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Raiders open without Brown

OAKLAND (AP) — The Oakland Raiders once again head into a season opener having just cut ties with their most talented player.

A year after dealing star pass rusher Khalil Mack to Chicago a week before the opener, the Raiders released disgruntled receiver Antonio Brown two days before opening the season against the Denver Broncos on Monday night.

Both moves were major gut punches to a franchise that has had one winning season the past 16 years and how heads into its final season in Oakland before a planned move to Las Vegas with little hope to be a contender.

“Well, I got to meet this guy. I got to meet Antonio,” coach Jon Gruden said. “I never got to meet Khalil, so at least I got to meet a great player.”

He just never got to see him on the field for a game.

The Raiders never recovered from the Mack trade a year ago, winning just four games and finishing with an NFL-low 13 sacks.

Brown’s absence figures to have a bigger impact on the Raiders in the opener because they spent all summer building an offense around him while Mack was a contract holdout last year.

But after a tumultuous six-month tenure that included a bizarre foot injury that sidelined him for the beginning of training camp, a fight with the NFL over his helmet, a missed practice and walkthrough that led to fines, social media complaints, and then finally a run-in with Raiders general manager Mike Mayock that resulted in another fine and the voiding of $29 million in contract guarantees, Brown asked for and was granted his release on Saturday.

Just hours later, Brown agreed to a one-year deal with the New England Patriots as the Raiders moved on to prepare for their opener.

“It sucks that he’s not here, but he made that decision,” said receiver Tyrell Williams, who becomes Derek Carr’s top target in Brown’s absence. “We’re going to go out there and play hard and play well.”

The Raiders acquired Brown from Pittsburgh back in March for third and fifth-round draft picks and gave him a new three-year contract worth $50.125 million.

That seemed a small price to pay for a player whose 686 catches and 9,145 yards receiving since 2013 were the most ever for a receiver in a six-year span.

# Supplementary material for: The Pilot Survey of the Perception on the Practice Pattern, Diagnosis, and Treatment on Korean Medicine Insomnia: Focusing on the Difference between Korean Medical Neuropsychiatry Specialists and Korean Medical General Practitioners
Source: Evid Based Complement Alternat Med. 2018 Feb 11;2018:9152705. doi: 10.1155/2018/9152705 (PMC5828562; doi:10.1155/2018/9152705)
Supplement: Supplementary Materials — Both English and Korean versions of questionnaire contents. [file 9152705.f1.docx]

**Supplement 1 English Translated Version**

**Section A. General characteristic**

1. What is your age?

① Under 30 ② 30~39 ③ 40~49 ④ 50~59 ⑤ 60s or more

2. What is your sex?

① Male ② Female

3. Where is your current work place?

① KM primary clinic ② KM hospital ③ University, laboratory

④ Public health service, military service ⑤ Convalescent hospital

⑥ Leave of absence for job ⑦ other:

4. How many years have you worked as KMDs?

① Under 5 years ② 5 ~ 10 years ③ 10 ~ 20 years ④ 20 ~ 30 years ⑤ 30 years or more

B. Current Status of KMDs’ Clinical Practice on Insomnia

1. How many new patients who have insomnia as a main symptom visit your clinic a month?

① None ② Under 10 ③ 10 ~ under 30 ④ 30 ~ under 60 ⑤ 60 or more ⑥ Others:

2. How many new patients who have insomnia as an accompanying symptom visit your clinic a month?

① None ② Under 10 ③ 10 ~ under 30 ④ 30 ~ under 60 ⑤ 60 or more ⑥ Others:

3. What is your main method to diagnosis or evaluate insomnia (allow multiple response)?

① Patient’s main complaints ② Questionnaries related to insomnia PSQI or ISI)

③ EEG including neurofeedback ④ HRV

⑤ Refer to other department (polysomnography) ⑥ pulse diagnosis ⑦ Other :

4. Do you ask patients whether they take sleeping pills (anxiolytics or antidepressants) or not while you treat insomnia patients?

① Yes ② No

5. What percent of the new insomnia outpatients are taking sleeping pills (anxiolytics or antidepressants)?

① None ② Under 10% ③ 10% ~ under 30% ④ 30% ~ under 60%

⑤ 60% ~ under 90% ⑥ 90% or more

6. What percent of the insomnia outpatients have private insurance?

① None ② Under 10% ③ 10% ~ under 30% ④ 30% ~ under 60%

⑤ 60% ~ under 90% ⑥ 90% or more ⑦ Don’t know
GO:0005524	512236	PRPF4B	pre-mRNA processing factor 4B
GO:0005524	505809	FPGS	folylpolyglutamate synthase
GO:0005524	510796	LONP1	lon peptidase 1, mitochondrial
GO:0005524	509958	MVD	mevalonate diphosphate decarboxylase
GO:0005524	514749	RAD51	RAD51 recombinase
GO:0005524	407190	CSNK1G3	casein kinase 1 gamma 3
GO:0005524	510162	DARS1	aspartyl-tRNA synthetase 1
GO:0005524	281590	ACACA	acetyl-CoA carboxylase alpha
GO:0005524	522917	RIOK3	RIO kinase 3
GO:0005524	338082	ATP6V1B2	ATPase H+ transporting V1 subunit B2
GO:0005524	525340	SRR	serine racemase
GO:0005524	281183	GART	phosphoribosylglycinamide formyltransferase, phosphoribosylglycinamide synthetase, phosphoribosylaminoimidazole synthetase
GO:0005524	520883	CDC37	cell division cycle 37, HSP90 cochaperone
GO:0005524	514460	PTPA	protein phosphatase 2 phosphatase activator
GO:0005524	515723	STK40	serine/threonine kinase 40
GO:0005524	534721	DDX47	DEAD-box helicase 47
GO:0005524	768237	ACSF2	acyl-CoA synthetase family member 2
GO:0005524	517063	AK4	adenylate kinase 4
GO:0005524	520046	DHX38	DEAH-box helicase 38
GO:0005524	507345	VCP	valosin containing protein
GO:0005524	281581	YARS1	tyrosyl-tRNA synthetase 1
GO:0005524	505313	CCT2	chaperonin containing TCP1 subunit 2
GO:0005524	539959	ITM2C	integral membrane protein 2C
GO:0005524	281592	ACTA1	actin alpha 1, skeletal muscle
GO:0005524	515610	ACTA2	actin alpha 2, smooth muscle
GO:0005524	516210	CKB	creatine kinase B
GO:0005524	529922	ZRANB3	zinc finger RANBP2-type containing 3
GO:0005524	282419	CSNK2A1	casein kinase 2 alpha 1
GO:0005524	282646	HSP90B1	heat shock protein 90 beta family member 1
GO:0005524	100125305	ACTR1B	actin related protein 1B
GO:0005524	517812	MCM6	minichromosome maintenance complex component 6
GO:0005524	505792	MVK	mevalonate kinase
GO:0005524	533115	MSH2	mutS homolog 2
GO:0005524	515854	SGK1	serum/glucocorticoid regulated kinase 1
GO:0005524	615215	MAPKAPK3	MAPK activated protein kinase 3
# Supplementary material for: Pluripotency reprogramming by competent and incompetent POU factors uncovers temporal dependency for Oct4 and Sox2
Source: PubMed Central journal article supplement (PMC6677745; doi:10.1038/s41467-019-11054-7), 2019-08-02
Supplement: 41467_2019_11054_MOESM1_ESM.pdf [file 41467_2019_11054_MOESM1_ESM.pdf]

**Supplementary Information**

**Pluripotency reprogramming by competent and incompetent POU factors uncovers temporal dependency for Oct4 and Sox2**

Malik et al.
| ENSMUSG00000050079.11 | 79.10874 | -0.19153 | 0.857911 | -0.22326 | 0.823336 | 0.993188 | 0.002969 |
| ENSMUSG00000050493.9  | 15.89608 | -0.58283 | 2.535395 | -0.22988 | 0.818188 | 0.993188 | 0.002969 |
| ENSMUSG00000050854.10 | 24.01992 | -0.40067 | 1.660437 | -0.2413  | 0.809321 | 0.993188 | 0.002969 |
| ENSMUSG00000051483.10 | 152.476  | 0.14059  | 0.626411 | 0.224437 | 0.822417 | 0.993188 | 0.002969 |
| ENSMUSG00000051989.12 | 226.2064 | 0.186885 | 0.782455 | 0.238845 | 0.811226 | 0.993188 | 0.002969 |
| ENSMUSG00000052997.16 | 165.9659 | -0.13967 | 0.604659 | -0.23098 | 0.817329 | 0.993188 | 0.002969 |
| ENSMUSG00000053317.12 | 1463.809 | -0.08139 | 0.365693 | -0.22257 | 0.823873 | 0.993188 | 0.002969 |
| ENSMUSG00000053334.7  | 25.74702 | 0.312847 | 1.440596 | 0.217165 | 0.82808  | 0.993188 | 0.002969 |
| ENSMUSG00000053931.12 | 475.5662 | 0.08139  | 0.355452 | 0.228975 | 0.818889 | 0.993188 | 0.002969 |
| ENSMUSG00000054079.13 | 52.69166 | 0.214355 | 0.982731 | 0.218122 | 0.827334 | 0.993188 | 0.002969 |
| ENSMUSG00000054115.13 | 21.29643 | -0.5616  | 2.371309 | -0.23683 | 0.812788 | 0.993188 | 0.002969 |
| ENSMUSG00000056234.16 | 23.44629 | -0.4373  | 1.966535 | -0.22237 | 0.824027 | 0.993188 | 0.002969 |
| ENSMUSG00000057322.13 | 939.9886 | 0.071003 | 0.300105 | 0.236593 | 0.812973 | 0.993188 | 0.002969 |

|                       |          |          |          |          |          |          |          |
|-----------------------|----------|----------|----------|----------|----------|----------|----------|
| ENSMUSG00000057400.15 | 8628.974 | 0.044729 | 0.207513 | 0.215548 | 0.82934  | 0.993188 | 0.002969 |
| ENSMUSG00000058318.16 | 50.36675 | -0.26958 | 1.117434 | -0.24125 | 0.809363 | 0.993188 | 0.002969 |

But it didn’t take long for the Raiders to see why the Steelers were so willing to part with the four-time All-Pro as his time in Oakland was filled with drama.

PROTECT THE CARR: The Raiders made protecting quarterback Derek Carr a bigger priority this season after he was sacked a career-worst 51 times last year. Kolton Miller is being counted on for big improvement on the left side. That duo will be tested against perhaps the best edge rushing tandem in the league in Miller and Chubb. Making the task even harder is that Oakland will have two backups at guard, with Jordan Devey expected to replace the suspended Richie Incognito on the left side, and Denzelle Good stepping in for injured Gabe Jackson on the left side.

“We can’t make excuses,” center Rodney Hudson said. “We’ve got to find a way to get it done.”

WINNING WAYS: The Broncos change coaches and quarterbacks on an almost yearly basis, but one thing remains constant: winning on opening weekend. They own the best kickoff weekend record in the NFL at 39-19-1, and they own the longest active winning streak, having won every opener for the last seven seasons behind a mix of coaches John Fox, Gary Kubiak and Vance Joseph, and QBs Peyton Manning, Trevor Siemian and Case Keenum.

ROOKIE DEBUTS: The Raiders had four picks in the top 40 of the draft, including three first-rounders after trading away stars Khalil Mack and Amari Cooper last season. This will be the first opportunity to see the payoff from that decision. No. 4 overall pick Clelin Ferrell is slated to start at defensive end where he is being counted on to upgrade a pass rush that had a league-low 13 sacks last year. Safety Johnathan Abram, the 27th pick, and cornerback Trayvon Mullen, who went 40th, will upgrade a secondary that struggled to slow down offenses. Jacobs provides a featured back on offense to take some pressure off Carr.

FINAL OPENER?: This game starts what should be a goodbye season in Oakland, with the Raiders slated to move to Las Vegas in 2020. The outdated Coliseum is the only remaining stadium in the NFL that is shared with a baseball team and will have infield dirt on it for the first two games. The Raiders spent much of the offseason debating where to play this year after Oakland officials sued the team over the move before finally deciding to come back to the Coliseum.

SIDELINED STAR: The Broncos will be missing top inside linebacker Todd Davis, who’s been sidelined since tearing a calf muscle on the first day of training camp July 18. Among the fill-ins are Corey Nelson, who played in Denver from 2014-17 and re-signed with the Broncos this week, and A.J. Johnson.